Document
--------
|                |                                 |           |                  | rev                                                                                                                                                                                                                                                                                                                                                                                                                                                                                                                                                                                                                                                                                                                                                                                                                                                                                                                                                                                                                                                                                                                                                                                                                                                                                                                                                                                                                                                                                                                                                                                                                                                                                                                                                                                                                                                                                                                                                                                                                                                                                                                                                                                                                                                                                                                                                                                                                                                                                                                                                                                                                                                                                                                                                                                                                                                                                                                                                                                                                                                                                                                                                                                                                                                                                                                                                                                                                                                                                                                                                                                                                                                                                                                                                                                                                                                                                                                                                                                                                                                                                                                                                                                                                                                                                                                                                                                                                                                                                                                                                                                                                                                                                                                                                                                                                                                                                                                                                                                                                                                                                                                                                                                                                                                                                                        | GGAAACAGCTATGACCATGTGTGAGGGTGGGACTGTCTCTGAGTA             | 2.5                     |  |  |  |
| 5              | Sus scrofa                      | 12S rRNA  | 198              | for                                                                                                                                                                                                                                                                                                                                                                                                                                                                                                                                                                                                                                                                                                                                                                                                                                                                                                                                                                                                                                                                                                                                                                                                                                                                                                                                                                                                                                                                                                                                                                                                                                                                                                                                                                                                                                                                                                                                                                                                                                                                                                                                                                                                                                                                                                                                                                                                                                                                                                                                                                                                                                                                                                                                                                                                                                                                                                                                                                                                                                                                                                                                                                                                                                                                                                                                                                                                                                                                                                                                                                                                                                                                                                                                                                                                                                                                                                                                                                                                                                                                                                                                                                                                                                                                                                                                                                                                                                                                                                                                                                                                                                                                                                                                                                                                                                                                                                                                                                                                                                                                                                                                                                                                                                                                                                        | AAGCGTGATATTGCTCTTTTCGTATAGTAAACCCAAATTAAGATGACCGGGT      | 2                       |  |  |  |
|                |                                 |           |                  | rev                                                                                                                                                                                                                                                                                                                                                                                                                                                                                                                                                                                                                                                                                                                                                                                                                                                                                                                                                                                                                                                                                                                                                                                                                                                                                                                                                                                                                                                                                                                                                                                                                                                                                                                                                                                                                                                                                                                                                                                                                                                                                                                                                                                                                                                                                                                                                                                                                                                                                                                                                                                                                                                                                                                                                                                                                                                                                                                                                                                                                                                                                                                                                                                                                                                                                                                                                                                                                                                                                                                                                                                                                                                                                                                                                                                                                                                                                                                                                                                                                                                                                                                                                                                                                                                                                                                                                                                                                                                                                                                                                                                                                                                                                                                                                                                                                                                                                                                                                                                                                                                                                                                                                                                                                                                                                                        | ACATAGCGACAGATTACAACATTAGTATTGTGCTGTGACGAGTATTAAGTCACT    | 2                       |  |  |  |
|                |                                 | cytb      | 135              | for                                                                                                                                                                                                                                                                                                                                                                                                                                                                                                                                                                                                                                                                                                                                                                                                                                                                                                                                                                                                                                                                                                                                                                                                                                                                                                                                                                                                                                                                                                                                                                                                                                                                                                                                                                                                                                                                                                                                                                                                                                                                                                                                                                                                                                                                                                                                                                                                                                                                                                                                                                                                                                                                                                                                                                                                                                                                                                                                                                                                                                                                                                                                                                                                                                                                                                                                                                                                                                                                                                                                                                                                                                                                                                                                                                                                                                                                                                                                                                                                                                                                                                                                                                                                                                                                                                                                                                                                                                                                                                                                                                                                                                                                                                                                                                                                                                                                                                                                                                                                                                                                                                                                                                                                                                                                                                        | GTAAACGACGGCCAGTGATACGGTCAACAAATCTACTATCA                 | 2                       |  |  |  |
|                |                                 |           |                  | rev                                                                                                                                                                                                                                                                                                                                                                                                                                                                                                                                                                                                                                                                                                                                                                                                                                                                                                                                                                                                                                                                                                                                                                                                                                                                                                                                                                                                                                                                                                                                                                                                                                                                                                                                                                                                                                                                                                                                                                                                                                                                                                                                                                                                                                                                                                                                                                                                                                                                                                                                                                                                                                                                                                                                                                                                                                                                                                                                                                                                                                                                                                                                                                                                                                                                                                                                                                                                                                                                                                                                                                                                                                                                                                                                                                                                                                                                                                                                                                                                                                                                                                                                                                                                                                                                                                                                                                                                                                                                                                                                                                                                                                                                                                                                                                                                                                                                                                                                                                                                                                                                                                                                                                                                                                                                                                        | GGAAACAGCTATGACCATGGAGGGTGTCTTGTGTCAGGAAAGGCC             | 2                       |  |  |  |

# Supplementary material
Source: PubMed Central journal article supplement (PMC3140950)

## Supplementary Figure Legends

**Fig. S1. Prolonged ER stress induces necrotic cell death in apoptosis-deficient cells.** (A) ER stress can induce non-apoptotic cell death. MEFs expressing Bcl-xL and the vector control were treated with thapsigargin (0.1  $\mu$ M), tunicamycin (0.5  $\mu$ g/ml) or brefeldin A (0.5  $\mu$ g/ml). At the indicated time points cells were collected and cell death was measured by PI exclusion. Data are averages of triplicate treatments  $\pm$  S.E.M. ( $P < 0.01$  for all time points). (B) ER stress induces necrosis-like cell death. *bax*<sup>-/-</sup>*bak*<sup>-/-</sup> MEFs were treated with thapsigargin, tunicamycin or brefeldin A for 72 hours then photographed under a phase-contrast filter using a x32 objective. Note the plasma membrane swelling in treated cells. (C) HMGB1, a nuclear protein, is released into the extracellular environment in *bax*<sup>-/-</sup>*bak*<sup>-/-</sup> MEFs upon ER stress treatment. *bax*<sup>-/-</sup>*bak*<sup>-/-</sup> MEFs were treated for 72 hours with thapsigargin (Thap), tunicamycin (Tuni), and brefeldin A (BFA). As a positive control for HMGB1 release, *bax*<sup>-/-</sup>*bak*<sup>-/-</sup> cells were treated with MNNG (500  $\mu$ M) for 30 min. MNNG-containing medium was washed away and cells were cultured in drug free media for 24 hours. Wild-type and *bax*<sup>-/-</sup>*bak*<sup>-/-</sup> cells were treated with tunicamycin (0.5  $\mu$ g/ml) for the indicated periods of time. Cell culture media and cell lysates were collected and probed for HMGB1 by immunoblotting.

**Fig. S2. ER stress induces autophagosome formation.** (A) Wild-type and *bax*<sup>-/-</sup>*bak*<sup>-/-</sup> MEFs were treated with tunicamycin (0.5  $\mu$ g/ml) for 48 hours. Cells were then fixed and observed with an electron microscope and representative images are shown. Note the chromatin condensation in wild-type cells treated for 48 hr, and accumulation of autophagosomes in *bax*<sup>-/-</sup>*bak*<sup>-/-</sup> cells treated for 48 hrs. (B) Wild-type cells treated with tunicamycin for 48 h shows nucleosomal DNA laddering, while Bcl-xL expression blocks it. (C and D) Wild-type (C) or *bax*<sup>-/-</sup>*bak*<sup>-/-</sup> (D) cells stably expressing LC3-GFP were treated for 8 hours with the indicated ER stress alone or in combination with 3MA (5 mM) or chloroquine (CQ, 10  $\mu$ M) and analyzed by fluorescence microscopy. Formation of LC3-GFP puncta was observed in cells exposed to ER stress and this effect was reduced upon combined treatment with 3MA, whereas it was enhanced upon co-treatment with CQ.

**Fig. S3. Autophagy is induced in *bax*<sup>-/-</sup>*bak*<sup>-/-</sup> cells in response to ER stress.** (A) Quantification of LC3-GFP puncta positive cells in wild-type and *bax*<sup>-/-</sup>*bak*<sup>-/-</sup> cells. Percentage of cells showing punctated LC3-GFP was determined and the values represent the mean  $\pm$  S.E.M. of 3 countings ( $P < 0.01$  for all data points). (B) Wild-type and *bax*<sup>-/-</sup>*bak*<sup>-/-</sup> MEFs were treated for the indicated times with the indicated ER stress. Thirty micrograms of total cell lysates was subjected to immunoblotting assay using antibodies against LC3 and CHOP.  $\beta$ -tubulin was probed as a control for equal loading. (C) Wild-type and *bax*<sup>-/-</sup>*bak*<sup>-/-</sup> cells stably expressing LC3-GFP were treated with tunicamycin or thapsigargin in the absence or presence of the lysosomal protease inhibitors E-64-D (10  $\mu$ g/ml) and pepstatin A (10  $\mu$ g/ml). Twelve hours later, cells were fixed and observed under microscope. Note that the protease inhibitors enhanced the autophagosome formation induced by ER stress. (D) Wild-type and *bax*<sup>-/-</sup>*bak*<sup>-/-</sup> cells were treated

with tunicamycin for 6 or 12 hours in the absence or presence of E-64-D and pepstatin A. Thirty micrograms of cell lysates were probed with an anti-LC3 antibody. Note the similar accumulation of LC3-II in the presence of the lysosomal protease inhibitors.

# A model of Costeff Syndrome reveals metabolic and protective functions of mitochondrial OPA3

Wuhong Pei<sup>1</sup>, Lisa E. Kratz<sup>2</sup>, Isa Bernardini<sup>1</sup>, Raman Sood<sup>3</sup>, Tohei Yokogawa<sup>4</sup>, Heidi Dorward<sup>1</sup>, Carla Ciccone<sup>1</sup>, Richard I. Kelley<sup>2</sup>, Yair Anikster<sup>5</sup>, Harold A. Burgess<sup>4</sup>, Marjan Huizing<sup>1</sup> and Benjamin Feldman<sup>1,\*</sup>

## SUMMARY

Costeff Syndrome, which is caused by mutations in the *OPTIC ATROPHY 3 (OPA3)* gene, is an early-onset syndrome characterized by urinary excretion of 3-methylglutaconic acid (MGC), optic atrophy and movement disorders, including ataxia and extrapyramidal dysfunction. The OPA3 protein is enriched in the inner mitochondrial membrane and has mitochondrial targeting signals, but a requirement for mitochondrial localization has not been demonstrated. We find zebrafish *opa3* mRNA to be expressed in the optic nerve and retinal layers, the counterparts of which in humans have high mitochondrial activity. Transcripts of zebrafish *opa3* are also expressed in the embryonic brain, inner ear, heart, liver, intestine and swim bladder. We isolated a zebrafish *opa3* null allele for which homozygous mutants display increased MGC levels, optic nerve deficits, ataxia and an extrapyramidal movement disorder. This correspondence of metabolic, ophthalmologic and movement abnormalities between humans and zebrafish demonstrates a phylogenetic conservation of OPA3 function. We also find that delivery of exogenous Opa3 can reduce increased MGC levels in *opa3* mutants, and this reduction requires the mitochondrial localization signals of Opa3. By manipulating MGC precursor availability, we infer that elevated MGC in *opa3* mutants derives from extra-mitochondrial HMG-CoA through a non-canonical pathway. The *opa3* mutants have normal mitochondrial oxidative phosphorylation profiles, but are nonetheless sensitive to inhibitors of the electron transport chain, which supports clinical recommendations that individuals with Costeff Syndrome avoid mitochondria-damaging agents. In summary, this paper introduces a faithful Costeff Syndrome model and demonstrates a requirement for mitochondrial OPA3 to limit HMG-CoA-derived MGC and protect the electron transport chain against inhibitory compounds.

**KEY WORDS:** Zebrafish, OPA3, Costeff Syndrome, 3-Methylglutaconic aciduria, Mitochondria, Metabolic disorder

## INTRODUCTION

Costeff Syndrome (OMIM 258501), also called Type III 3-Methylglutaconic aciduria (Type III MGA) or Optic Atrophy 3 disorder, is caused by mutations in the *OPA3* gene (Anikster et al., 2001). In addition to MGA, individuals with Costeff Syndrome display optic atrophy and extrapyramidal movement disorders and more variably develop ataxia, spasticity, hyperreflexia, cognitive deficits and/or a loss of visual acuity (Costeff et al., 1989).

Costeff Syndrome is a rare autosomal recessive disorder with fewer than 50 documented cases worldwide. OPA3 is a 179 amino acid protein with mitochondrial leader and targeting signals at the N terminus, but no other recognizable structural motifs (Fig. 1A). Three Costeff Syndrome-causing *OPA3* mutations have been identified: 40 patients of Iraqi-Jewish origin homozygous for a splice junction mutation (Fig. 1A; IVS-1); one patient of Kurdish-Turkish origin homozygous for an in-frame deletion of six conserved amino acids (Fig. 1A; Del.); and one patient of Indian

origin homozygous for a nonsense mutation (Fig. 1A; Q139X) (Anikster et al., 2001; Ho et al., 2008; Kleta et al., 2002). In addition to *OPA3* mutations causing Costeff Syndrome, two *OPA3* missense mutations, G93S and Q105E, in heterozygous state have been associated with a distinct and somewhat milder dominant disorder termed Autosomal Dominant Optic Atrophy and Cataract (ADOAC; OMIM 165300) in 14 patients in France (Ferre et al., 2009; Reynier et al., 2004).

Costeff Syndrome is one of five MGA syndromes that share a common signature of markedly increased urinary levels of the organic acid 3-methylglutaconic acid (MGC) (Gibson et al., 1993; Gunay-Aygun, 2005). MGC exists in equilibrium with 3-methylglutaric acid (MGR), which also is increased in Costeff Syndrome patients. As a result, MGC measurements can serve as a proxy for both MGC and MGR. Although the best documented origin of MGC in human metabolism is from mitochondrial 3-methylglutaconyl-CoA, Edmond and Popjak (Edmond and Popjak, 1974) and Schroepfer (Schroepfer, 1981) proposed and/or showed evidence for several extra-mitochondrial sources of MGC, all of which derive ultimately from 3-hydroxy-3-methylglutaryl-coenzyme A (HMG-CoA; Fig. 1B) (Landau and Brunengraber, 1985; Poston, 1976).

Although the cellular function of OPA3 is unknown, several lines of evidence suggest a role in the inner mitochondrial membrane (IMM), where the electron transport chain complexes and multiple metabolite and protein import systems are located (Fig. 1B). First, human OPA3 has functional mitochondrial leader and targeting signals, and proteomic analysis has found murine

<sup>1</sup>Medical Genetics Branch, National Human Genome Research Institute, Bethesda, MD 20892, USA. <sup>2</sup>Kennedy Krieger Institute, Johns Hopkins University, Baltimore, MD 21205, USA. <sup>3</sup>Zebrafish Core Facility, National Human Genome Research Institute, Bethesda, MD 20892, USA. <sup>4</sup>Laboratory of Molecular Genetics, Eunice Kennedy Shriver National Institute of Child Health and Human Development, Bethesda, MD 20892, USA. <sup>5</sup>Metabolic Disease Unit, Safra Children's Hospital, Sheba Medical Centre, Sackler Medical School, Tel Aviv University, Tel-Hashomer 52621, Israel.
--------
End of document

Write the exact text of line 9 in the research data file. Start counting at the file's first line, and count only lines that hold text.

**Fig. S1. Prolonged ER stress induces necrotic cell death in apoptosis-deficient cells.** (A) ER stress can induce non-apoptotic cell death. MEFs expressing Bcl-xL and the vector control were treated with thapsigargin (0.1  $\mu$ M), tunicamycin (0.5  $\mu$ g/ml) or brefeldin A (0.5  $\mu$ g/ml). At the indicated time points cells were collected and cell death was measured by PI exclusion. Data are averages of triplicate treatments  $\pm$  S.E.M. ( $P < 0.01$  for all time points). (B) ER stress induces necrosis-like cell death. *bax*<sup>-/-</sup>*bak*<sup>-/-</sup> MEFs were treated with thapsigargin, tunicamycin or brefeldin A for 72 hours then photographed under a phase-contrast filter using a x32 objective. Note the plasma membrane swelling in treated cells. (C) HMGB1, a nuclear protein, is released into the extracellular environment in *bax*<sup>-/-</sup>*bak*<sup>-/-</sup> MEFs upon ER stress treatment. *bax*<sup>-/-</sup>*bak*<sup>-/-</sup> MEFs were treated for 72 hours with thapsigargin (Thap), tunicamycin (Tuni), and brefeldin A (BFA). As a positive control for HMGB1 release, *bax*<sup>-/-</sup>*bak*<sup>-/-</sup> cells were treated with MNNG (500  $\mu$ M) for 30 min. MNNG-containing medium was washed away and cells were cultured in drug free media for 24 hours. Wild-type and *bax*<sup>-/-</sup>*bak*<sup>-/-</sup> cells were treated with tunicamycin (0.5  $\mu$ g/ml) for the indicated periods of time. Cell culture media and cell lysates were collected and probed for HMGB1 by immunoblotting.